No sign of Hotchin lawsuit 19 months after court ruling
Former Hanover Finance principal Mark Hotchin hasn't filed a new claim against former trustee New Zealand Guardian Trust in the 19 months since the Supreme Court ruled he could pursue the firm for a contribution to an $18 million payment to investors.
In a split decision in March 2016, the Supreme Court overturned Guardian Trust's bid to avoid being drawn into the Financial Markets Authority's suit against the former Hanover directors and promoters that ultimately saw them cut a deal, and included an unspecified amount from their insurer and broker. The deal was settled just before it was to go to court with the directors denying any admission of liability and excluded Hanover shareholder Eric Watson.
At the time, Hotchin's lawyer Nathan Gedye QC said his client intended to pursue the claim but today Guardian Trust's parent Complectus said no new claim had emerged and no settlement had been reached.
"There are no current claims against the Complectus group in connection with Mark Hotchin or Hanover Finance," a spokeswoman said in an emailed statement. "We do not believe that any further claims are likely."
Hotchin's successful argument was that Guardian Trust failed in its duty overseeing Hanover and should have acted sooner to limit investor losses, where some $300 million of debentures were swapped for shares of Allied Farmers but became virtually worthless when the benefits of a merged loan book didn't materialise. At the time of the judgment, Justice Susan Glazebrook, who upheld the appeal, said it was hard to reconcile Hotchin's pursuit of the claim requiring him to accept liability with statements in the settlement that he wasn't liable.
"The suspicion must be that this may be a cynical attempt to force a settlement with Guardian Trust," Justice Glazebrook said. "If this is the case, the courts should not be a party to what would be a misuse of the court processes."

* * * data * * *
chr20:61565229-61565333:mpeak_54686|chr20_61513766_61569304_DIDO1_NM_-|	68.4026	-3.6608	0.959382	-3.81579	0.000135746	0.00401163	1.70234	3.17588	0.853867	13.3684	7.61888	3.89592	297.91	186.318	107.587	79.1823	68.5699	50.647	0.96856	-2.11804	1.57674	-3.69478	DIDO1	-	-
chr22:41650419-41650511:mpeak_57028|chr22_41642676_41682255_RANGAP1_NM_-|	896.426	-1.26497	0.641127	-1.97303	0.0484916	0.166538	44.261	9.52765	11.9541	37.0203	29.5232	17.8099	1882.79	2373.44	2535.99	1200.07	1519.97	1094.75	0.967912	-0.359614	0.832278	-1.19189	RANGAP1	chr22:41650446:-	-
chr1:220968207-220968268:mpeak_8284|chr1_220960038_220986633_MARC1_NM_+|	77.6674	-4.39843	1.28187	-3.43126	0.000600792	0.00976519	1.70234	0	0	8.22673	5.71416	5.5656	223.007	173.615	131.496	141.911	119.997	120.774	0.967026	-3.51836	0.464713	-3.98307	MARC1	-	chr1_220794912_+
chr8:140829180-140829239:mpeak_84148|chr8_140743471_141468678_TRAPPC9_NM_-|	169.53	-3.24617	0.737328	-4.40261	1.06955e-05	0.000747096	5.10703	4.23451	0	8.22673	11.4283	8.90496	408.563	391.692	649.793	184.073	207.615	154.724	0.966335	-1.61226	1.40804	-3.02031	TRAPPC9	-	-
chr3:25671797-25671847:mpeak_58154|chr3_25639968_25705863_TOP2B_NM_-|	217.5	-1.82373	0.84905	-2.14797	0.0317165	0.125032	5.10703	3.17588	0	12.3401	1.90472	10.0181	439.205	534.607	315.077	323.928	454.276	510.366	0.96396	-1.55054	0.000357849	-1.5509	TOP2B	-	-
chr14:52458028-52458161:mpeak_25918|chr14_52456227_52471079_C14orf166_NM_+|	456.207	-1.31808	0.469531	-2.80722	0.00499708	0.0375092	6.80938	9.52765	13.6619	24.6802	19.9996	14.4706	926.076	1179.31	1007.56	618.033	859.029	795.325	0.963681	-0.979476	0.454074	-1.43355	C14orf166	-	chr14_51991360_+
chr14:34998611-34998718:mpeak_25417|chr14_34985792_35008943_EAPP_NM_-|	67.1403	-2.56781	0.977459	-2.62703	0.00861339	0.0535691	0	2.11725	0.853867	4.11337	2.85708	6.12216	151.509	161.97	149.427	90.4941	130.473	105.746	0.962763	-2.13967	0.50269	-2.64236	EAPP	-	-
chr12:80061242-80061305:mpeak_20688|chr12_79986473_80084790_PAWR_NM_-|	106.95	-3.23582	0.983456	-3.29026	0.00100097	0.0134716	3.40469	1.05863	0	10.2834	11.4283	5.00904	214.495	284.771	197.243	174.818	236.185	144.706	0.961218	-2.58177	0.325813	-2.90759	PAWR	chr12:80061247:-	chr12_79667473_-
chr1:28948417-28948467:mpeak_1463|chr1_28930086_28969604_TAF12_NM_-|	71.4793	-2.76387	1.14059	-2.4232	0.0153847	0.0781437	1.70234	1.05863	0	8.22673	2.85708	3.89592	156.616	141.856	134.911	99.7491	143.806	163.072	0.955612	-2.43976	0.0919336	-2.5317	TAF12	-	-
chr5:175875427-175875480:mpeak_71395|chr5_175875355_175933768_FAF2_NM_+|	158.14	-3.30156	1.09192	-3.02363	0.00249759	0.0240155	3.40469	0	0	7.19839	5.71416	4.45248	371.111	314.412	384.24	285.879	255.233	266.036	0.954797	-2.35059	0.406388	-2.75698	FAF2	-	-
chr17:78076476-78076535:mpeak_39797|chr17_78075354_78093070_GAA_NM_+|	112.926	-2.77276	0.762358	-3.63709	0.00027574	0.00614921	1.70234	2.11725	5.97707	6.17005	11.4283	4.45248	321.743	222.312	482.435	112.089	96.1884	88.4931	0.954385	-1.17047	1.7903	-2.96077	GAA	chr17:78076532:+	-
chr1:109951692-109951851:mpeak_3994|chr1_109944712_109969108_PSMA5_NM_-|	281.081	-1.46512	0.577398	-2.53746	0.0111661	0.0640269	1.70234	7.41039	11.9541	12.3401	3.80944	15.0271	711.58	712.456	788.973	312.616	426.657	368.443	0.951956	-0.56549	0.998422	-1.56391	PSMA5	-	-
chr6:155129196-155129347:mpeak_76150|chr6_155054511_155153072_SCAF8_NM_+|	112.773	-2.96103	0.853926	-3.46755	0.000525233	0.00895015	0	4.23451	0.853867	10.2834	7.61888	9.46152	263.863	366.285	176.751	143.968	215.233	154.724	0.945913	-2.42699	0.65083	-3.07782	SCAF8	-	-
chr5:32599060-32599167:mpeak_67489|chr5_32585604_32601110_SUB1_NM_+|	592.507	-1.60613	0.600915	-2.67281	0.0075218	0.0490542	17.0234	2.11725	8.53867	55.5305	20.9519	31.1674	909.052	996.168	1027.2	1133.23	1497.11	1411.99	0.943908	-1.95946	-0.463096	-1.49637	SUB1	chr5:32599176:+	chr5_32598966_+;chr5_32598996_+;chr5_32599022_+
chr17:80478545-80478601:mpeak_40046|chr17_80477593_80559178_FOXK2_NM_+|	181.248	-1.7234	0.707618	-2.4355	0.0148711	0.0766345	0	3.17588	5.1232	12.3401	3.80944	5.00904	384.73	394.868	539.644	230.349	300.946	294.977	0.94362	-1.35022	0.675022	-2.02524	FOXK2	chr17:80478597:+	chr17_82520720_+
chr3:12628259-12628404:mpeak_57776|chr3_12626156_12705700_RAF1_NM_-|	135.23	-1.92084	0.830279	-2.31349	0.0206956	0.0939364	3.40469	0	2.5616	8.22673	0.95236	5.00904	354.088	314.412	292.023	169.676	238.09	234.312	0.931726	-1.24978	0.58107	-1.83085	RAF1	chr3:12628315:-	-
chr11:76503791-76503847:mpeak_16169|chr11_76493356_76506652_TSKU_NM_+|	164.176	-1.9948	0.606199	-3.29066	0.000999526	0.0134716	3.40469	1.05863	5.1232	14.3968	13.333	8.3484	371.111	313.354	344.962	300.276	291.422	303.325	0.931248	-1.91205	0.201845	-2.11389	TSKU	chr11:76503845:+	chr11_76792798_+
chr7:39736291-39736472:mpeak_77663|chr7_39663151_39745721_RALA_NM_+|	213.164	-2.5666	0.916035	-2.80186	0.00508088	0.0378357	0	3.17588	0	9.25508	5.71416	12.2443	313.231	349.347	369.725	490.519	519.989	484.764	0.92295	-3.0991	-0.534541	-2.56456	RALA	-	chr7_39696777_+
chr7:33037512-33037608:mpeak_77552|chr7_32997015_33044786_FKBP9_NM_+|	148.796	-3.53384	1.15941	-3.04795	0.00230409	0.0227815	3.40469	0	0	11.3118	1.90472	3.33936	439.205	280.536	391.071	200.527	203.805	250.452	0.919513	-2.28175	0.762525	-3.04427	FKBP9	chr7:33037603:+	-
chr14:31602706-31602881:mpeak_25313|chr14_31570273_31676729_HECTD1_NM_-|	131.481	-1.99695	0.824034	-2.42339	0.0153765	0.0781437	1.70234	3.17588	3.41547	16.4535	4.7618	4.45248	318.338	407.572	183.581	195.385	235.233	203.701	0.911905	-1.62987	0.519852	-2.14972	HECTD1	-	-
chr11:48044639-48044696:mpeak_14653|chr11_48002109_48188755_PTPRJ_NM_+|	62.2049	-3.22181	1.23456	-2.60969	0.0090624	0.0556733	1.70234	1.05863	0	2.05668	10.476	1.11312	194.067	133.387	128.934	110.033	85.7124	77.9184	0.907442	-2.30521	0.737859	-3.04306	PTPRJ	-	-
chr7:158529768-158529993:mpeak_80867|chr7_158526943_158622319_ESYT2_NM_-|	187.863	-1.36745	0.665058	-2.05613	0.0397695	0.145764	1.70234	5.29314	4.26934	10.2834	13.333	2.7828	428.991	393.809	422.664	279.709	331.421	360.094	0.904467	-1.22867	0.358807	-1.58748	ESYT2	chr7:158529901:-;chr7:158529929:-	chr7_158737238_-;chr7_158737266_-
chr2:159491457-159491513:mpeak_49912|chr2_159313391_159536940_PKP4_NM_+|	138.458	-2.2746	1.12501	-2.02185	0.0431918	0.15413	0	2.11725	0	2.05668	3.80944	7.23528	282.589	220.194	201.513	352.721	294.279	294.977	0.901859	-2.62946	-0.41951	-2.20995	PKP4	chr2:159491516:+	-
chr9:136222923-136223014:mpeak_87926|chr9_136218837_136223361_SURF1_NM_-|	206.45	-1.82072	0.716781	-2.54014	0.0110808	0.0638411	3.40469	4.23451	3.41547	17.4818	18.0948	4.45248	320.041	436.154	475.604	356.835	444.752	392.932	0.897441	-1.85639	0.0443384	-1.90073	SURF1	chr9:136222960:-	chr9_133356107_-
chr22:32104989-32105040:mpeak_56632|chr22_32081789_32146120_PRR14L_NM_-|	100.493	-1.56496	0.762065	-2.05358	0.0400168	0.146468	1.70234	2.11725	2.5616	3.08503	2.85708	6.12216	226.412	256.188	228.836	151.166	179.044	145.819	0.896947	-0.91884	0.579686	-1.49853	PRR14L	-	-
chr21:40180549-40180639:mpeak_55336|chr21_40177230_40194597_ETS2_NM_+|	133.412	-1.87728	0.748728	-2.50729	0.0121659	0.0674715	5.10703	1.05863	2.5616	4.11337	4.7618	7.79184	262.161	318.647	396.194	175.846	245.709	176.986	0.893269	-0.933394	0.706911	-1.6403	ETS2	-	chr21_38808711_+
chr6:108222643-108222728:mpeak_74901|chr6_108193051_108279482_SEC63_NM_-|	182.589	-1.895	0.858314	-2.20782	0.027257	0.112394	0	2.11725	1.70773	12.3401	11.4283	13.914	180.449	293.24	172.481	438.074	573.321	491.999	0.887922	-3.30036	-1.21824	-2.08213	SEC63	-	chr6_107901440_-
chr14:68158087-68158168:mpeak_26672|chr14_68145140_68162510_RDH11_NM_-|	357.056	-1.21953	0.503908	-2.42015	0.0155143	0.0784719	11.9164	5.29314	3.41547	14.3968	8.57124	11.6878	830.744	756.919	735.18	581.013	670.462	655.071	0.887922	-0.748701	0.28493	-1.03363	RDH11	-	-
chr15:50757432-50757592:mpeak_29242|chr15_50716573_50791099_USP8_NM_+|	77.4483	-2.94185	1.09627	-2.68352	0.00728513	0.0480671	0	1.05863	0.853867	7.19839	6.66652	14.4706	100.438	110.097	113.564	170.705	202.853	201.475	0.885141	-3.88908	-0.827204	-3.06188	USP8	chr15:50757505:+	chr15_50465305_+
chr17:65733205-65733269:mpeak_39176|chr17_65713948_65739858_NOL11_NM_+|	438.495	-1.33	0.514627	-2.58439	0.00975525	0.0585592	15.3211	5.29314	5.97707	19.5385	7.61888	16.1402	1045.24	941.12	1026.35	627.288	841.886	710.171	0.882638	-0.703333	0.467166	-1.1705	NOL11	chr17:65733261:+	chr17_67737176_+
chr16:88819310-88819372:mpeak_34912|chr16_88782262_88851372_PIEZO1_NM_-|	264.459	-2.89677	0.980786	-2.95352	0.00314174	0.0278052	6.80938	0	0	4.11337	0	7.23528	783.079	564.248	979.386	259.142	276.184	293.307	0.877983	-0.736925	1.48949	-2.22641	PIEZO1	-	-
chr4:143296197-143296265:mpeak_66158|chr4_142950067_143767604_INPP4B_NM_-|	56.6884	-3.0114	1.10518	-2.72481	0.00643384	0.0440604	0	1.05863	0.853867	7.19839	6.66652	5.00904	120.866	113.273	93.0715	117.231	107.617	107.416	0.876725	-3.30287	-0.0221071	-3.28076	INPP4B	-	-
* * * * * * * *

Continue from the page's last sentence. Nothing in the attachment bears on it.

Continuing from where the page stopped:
The FMA cut the deal with Hanover three years after first filing a civil suit for $35 million, seen as having a better chance of success than criminal charges, saying it was a better outcome than waiting for the court case and possible appeals to be concluded. The regulator froze Hotchin's assets for almost five years.
Complectus operates the Perpetual Guardian supervisory business, which was the brainchild of Andrew Barnes who bought Perpetual Trust from Pyne Gould Corp in 2013. That acquisition included the liability attached the firm's supervision of failed lender Capital + Merchant Finance. The failed lender's receivers sued Perpetual Trust and law firm Stace Hammond for $94 million, however, a deal was cut on the eve of that court hearing.
Perpetual's latest accounts show the $5 million settlement was fully covered by the firm's insurer.
After Perpetual, Complectus bought Guardian Trust, Covenant Trustee Services, Foundation Corporate Trust and New Zealand Trustee Services and now oversees more than $130 billion of assets.
The trustee firm planned a $150 million initial public offering last year, but pulled the pin citing turbulent financial markets. However, during that process it prepared "comprehensive financial forecasts" for the 2017 and 2018 years, and the latest accounts show "profitability for the year to June 2017 comfortably exceeded this forecast," the spokeswoman said.
After last year's aborted IPO, Complectus shareholder Bath Street Capital planned to sell the financial services group to Australia's Sargon Capital, however, that also fell through. On Aug. 31, the ultimate holding company entered into a convertible loan facility with private equity firm Direct Capital, which can convert into 50 percent of Complectus's ordinary shares at the discretion of the lender.